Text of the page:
occur with finishing. A common vertical fault is needle line.

    Faulty needles result in vertical lines of occasional or

    frequent tuck stitches. Such faults in garment blanks or fully-

    fashioned panels render them unusable.


    The knitting industry uses oils to lubricate machinery in the

    immediate vicinity of where the fabric is being produced, i.e.,

    on the needles themselves. Such oils mixed with

    atmospheric dust and metallic powder can, in certain

    circumstances, cause stains on the fabric or garments being

    knitted. Two procedures are used to minimize this:

    1. Control of oil itself, by applying in minimum quantities and

    delivering it quickly, so that it is present in fabric but does not

    show up in any build up of soiled material that would result from

    spasmodic application;

    2. Using oils that are readily mixed with water, so called scour able

    or clean oils.

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    The majority of knitted piece goods are wet finished before

    cutting and there is little likelihood that oil staining will remain

    in finished fabric. On stitched shaped garments it can present

    major problems if tight control is not exercised in the knitting

    room. As these garments are not generally wet finished,

    stains are usually dealt with during examination by solventbased spotting guns. The problem is negligible in fully-

    fashioned industry where oil is not used on the needles and

    where wet finishing is usual.

    Stains due to oil on knitted fabrics show as dirty areas, or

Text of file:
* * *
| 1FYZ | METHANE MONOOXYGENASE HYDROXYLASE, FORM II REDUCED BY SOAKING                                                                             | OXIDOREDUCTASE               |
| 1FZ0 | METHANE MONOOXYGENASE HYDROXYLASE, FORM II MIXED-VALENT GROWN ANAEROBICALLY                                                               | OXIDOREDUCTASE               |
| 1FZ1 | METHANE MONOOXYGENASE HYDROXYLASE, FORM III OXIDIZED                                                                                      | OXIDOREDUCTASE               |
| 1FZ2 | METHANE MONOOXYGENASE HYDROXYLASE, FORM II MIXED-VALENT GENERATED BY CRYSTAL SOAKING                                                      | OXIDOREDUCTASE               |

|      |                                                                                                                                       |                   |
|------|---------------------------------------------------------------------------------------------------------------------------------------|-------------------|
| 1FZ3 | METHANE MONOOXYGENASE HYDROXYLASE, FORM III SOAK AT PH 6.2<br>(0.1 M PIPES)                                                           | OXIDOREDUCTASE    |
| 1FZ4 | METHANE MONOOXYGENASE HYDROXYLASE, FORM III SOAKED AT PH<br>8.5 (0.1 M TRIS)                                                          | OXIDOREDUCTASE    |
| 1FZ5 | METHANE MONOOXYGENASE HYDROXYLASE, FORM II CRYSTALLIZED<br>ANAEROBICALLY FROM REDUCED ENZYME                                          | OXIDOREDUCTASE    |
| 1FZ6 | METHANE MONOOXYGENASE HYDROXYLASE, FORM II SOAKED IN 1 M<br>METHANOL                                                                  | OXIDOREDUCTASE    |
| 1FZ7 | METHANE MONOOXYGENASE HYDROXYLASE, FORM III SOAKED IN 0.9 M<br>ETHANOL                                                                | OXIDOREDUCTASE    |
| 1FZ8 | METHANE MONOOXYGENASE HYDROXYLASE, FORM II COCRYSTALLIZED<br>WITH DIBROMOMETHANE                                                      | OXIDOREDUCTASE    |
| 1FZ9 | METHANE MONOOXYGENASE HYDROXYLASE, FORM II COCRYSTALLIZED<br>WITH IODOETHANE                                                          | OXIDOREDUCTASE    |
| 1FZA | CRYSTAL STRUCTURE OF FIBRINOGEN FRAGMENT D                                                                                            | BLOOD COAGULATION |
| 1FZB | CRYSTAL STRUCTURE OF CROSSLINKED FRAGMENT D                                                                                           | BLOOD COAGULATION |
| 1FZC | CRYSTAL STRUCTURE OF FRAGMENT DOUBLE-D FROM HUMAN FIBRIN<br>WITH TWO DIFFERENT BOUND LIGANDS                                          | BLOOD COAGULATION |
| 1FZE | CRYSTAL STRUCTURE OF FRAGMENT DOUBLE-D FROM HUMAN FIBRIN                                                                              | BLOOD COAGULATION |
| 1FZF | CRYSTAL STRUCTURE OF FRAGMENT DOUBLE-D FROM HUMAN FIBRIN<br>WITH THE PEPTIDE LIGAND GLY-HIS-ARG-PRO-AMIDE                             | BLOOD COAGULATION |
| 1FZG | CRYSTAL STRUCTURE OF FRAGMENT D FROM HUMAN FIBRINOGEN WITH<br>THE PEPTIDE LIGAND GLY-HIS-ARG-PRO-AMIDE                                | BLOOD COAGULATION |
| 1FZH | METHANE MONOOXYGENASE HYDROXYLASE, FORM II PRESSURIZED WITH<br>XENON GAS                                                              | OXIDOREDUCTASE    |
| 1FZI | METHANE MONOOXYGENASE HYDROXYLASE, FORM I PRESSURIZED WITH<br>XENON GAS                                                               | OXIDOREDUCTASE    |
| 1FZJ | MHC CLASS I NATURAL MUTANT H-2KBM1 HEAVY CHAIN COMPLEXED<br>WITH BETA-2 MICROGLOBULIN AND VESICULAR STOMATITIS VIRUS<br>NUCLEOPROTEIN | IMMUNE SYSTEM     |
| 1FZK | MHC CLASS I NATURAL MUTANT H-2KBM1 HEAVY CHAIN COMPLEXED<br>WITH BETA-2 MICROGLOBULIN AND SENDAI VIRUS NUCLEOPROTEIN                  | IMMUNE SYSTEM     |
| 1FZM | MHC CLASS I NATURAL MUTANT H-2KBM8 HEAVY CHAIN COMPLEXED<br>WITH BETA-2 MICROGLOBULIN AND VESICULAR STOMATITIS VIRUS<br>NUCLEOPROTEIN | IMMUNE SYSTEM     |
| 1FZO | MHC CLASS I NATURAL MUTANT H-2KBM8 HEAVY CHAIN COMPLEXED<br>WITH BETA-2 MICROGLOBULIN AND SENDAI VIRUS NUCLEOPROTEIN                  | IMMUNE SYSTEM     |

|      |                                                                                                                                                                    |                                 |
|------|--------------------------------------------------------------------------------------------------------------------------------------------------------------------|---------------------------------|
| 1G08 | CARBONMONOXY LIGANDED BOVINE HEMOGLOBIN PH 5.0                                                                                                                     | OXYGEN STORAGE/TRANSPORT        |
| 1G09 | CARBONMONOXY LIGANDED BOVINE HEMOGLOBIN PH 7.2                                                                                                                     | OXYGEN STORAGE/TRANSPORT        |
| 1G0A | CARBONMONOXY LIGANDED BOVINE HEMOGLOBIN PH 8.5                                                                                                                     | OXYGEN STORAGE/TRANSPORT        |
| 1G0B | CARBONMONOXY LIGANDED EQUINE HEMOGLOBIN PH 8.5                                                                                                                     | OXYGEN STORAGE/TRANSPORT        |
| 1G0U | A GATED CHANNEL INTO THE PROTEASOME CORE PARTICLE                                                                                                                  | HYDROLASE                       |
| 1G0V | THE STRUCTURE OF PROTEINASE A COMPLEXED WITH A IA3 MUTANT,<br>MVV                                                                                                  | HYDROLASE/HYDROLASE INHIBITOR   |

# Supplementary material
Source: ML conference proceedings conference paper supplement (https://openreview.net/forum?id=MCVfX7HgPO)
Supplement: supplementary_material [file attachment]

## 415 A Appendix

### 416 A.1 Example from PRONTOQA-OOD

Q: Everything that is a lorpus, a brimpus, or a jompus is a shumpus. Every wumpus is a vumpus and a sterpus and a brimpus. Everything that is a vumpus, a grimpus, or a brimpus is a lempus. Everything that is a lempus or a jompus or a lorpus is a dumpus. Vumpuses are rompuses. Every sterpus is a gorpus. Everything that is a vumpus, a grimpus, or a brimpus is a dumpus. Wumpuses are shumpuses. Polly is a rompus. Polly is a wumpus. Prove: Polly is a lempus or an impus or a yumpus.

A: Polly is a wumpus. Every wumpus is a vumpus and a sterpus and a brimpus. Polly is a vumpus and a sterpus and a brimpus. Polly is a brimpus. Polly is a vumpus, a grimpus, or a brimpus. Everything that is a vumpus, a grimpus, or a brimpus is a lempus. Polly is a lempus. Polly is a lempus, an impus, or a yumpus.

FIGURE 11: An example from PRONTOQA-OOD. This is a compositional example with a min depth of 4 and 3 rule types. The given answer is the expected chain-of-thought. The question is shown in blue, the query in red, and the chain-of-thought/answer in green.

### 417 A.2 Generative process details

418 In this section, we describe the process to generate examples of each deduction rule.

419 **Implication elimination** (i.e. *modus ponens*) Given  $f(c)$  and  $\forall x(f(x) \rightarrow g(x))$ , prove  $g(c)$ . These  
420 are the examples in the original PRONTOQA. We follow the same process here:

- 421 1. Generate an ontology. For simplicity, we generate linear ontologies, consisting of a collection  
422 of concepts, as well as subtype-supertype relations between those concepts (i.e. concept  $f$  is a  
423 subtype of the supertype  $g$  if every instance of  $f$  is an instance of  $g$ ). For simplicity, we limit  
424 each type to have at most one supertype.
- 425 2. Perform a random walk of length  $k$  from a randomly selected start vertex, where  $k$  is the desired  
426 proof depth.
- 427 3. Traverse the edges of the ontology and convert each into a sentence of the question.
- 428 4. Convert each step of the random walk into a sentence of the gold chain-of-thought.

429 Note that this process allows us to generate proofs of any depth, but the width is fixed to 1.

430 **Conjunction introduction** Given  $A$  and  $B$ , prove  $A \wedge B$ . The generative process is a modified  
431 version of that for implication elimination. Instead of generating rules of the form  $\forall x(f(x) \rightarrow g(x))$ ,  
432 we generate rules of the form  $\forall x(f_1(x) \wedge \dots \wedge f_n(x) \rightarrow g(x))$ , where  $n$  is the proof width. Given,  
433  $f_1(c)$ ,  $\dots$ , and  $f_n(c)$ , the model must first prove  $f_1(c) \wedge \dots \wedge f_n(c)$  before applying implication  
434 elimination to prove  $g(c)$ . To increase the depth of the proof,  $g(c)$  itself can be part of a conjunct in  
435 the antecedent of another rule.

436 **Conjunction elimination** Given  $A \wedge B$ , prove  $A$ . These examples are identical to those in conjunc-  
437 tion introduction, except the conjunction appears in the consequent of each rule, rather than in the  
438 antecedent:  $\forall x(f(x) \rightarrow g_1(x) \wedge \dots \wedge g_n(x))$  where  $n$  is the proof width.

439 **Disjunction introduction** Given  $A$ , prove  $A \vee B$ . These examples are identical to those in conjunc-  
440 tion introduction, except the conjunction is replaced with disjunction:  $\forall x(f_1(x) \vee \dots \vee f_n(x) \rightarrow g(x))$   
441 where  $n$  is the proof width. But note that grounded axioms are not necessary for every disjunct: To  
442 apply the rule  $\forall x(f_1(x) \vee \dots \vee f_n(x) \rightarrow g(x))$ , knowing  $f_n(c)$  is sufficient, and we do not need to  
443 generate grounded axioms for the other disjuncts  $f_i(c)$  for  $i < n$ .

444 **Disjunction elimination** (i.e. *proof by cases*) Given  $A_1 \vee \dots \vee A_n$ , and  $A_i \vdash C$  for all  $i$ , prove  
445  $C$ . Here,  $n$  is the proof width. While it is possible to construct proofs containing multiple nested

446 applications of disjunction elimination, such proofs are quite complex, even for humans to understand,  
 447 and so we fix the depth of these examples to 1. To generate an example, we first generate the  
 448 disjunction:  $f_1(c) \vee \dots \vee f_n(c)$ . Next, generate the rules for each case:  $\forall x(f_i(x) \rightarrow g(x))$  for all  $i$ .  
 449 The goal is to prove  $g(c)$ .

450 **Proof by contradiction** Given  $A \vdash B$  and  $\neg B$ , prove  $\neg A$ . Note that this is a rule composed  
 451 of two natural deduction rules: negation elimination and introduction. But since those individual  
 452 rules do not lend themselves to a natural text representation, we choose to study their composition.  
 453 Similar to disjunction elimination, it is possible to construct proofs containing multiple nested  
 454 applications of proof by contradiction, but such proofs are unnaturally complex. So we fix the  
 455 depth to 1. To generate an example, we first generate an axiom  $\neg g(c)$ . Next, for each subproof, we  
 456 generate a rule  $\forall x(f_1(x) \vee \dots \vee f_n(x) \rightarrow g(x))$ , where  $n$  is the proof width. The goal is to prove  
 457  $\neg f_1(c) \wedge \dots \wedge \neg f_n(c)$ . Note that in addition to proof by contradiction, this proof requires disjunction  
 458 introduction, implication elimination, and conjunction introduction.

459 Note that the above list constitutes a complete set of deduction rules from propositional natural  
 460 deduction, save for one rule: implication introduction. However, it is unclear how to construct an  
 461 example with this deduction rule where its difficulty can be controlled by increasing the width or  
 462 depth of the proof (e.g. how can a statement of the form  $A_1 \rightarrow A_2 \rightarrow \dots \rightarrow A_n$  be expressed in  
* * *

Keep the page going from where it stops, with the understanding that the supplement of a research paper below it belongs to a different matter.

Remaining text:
horizontal markings, associated with a course or group of

    courses, or vertical lines following one or more wales and

    fading away with distance.

    Other stain characteristics of knitted fabrics occur when

    accumulated lint (fibre dust0 falls into knitting zones and gets

    incorporated into the fabric. Some circular machines are

    equipped with vacuum or blower devices to clear the

    immediate vicinity of the knitting zones. Such devices are not

    usual on flat machines and good housekeeping during theknitting process is essential.

    Cleaning down is particularly important where the knitting of

    light coloured fabric and garments occurs after the knitting of

    darker coloured fabrics. Similar problems occur if coloured

    fabrics/garments pieces are knitted in the same location as

    white or pastel coloured ones.

    Some faults in knitted fabric and garments are only detected

    when the garment is in use. One such fault, common to all

    textiles, is fading of colour. The other problem that occurs

    infrequently is pilling.